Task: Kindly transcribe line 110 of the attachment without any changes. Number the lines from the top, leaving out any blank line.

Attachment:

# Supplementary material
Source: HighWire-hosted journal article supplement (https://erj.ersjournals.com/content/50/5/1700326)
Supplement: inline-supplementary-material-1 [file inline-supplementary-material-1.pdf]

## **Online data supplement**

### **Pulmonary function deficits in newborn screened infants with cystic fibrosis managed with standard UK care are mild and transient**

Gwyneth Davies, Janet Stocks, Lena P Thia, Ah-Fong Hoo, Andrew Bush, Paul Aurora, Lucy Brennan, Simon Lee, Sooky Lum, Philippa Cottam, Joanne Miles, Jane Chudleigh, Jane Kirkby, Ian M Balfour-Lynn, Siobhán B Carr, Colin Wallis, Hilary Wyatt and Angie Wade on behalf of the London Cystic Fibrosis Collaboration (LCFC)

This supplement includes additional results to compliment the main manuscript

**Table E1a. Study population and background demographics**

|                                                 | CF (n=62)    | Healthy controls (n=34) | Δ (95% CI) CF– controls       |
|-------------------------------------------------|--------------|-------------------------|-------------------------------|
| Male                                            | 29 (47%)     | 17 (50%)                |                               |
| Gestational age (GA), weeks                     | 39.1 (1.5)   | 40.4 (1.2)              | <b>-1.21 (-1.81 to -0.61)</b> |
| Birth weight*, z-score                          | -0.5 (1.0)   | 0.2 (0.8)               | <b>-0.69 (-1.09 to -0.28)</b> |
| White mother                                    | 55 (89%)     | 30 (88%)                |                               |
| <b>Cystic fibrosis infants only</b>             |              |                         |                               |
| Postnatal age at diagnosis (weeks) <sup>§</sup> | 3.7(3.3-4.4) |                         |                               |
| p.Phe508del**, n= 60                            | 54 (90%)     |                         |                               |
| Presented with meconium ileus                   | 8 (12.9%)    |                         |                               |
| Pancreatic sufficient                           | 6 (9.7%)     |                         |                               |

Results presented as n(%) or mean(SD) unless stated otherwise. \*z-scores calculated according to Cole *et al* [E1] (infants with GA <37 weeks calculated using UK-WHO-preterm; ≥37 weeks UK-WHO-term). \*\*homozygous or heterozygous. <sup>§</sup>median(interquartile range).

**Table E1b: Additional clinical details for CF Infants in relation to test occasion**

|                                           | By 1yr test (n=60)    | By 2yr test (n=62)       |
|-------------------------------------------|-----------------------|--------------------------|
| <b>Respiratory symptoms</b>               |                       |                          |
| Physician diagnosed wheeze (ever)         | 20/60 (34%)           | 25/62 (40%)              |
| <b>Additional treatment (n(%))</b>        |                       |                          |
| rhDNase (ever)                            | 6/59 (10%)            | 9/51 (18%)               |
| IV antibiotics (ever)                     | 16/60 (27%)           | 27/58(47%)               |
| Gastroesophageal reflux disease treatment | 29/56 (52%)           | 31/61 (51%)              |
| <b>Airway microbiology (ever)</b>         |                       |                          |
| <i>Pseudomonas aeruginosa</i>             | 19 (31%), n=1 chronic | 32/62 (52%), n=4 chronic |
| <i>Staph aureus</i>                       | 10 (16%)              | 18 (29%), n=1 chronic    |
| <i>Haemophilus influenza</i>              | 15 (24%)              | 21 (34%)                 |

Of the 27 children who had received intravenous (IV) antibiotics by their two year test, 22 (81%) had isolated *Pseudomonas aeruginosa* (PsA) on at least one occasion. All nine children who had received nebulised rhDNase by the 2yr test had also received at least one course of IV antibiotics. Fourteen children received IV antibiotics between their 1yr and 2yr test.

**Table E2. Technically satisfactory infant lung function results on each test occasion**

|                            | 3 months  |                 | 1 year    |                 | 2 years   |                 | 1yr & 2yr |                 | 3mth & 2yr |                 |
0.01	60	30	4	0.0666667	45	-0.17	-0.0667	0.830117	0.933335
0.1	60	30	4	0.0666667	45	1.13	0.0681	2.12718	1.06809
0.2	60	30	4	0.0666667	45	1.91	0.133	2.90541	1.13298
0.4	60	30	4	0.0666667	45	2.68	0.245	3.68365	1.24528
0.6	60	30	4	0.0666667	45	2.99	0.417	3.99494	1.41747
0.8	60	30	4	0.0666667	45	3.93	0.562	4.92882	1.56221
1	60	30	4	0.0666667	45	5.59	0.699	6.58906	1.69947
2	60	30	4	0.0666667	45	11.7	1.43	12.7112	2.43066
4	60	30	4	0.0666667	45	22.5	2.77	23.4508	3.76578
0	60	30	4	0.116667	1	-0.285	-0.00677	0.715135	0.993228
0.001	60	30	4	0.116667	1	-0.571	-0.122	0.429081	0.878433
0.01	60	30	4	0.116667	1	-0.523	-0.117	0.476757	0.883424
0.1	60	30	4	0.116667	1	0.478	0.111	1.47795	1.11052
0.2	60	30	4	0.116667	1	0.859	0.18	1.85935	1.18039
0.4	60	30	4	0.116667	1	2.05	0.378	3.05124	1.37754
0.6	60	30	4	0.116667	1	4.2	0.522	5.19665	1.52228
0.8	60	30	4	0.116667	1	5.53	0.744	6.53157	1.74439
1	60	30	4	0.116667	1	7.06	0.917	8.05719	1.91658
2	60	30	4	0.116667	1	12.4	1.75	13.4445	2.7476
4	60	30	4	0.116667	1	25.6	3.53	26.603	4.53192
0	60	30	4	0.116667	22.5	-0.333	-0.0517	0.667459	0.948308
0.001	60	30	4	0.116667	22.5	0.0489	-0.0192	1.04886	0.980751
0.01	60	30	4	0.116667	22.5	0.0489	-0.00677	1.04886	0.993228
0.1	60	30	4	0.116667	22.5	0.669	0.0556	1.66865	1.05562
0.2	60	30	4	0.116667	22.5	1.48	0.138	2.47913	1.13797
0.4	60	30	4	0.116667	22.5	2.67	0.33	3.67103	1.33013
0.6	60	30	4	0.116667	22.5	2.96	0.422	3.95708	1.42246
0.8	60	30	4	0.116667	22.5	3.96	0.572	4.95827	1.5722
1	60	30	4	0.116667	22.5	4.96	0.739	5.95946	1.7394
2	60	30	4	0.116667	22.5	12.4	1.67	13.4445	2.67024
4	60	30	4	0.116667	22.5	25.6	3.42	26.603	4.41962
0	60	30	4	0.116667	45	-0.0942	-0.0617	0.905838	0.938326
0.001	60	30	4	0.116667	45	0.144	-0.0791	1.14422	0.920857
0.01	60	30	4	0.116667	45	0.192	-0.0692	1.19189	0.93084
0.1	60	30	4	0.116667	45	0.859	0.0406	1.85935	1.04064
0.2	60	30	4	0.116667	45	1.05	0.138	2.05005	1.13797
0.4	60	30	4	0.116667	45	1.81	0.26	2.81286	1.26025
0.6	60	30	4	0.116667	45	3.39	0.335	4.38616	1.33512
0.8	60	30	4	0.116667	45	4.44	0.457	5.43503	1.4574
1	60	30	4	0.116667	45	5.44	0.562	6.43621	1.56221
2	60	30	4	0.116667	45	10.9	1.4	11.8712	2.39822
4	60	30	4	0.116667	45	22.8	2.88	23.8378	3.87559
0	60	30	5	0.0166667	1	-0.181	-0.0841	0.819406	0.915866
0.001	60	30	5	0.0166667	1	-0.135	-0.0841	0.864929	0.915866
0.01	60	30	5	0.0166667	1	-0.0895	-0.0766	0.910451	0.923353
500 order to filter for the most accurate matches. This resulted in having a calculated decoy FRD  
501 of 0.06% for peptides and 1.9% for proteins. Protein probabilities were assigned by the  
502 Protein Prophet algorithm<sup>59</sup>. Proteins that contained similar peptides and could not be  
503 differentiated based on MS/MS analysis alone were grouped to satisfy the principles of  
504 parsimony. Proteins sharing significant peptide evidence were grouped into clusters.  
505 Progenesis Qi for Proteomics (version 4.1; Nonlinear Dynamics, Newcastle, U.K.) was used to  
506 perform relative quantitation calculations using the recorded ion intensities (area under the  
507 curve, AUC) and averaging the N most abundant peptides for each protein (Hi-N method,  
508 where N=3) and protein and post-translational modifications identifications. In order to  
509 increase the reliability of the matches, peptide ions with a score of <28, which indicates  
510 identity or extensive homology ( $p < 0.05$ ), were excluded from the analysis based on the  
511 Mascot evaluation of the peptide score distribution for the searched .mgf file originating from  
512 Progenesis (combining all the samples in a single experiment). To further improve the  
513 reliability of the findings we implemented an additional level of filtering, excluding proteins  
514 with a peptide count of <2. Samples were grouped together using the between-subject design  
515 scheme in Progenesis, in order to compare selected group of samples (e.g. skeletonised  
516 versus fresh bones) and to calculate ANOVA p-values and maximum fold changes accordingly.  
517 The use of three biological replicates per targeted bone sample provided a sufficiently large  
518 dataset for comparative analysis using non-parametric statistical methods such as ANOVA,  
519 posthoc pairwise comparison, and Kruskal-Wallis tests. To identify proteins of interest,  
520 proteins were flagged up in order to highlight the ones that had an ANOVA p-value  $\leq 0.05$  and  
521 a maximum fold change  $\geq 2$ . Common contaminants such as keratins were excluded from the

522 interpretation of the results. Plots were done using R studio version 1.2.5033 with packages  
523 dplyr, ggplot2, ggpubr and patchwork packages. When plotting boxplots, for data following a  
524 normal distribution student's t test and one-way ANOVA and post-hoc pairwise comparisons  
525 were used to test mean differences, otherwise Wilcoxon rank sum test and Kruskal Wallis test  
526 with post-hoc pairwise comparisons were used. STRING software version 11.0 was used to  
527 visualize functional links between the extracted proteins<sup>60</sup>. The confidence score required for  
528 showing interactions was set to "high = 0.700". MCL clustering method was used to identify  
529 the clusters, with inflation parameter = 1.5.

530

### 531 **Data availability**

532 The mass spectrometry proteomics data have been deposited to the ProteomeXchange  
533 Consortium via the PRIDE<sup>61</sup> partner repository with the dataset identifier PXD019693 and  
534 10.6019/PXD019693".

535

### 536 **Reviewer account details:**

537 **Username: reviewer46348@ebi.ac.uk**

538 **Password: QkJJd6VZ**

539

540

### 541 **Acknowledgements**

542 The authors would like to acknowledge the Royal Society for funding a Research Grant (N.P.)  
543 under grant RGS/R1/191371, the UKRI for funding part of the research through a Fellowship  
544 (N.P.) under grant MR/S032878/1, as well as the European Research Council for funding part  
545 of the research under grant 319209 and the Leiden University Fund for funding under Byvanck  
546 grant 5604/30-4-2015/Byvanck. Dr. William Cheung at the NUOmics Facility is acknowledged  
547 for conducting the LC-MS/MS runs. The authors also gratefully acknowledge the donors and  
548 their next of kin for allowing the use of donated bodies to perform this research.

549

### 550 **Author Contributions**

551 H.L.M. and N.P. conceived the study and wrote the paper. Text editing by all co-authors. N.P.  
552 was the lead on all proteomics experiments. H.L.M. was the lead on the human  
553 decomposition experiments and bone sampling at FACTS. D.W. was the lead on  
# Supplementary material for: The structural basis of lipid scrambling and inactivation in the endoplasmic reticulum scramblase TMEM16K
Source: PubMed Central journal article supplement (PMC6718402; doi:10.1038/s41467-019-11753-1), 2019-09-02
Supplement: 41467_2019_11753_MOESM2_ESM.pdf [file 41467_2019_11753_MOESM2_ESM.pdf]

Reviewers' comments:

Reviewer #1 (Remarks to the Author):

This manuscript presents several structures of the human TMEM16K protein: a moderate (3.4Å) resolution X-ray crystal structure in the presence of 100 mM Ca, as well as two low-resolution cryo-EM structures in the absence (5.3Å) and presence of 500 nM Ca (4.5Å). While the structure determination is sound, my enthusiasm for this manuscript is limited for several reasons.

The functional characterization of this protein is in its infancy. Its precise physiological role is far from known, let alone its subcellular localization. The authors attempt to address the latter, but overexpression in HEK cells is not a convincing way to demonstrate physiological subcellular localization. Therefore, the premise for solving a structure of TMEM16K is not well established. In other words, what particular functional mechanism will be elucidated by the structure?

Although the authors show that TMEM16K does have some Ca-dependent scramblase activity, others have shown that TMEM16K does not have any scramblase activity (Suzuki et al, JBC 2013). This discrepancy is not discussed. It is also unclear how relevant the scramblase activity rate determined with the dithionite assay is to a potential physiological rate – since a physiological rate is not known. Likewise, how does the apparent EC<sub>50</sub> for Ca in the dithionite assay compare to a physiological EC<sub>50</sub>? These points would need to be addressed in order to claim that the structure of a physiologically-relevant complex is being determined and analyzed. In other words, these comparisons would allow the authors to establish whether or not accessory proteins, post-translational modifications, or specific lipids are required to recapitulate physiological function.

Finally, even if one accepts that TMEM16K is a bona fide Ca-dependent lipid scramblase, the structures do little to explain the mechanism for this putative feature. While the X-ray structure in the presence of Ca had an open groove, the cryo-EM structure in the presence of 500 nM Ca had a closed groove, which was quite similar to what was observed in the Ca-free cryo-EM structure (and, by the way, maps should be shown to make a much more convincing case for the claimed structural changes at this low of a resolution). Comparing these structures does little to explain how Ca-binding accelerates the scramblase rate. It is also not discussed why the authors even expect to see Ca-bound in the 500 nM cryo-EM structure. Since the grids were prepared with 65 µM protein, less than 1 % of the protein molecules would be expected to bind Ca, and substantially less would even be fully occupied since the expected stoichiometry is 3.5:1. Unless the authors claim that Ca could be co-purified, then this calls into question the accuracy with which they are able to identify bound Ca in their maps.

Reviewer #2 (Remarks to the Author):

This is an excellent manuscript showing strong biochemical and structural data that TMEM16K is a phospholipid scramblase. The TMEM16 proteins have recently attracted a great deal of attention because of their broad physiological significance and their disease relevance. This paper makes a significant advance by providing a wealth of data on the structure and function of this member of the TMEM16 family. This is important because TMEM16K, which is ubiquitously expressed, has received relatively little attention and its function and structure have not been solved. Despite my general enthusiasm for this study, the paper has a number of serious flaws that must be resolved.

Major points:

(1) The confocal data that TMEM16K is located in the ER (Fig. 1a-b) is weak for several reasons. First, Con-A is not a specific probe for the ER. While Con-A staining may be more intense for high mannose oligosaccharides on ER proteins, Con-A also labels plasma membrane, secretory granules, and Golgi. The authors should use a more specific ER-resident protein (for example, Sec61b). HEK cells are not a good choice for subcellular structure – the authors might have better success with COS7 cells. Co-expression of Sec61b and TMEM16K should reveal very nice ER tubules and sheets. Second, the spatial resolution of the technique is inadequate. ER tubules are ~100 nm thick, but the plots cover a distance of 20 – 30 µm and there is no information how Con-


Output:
528 showing interactions was set to "high = 0.700". MCL clustering method was used to identify  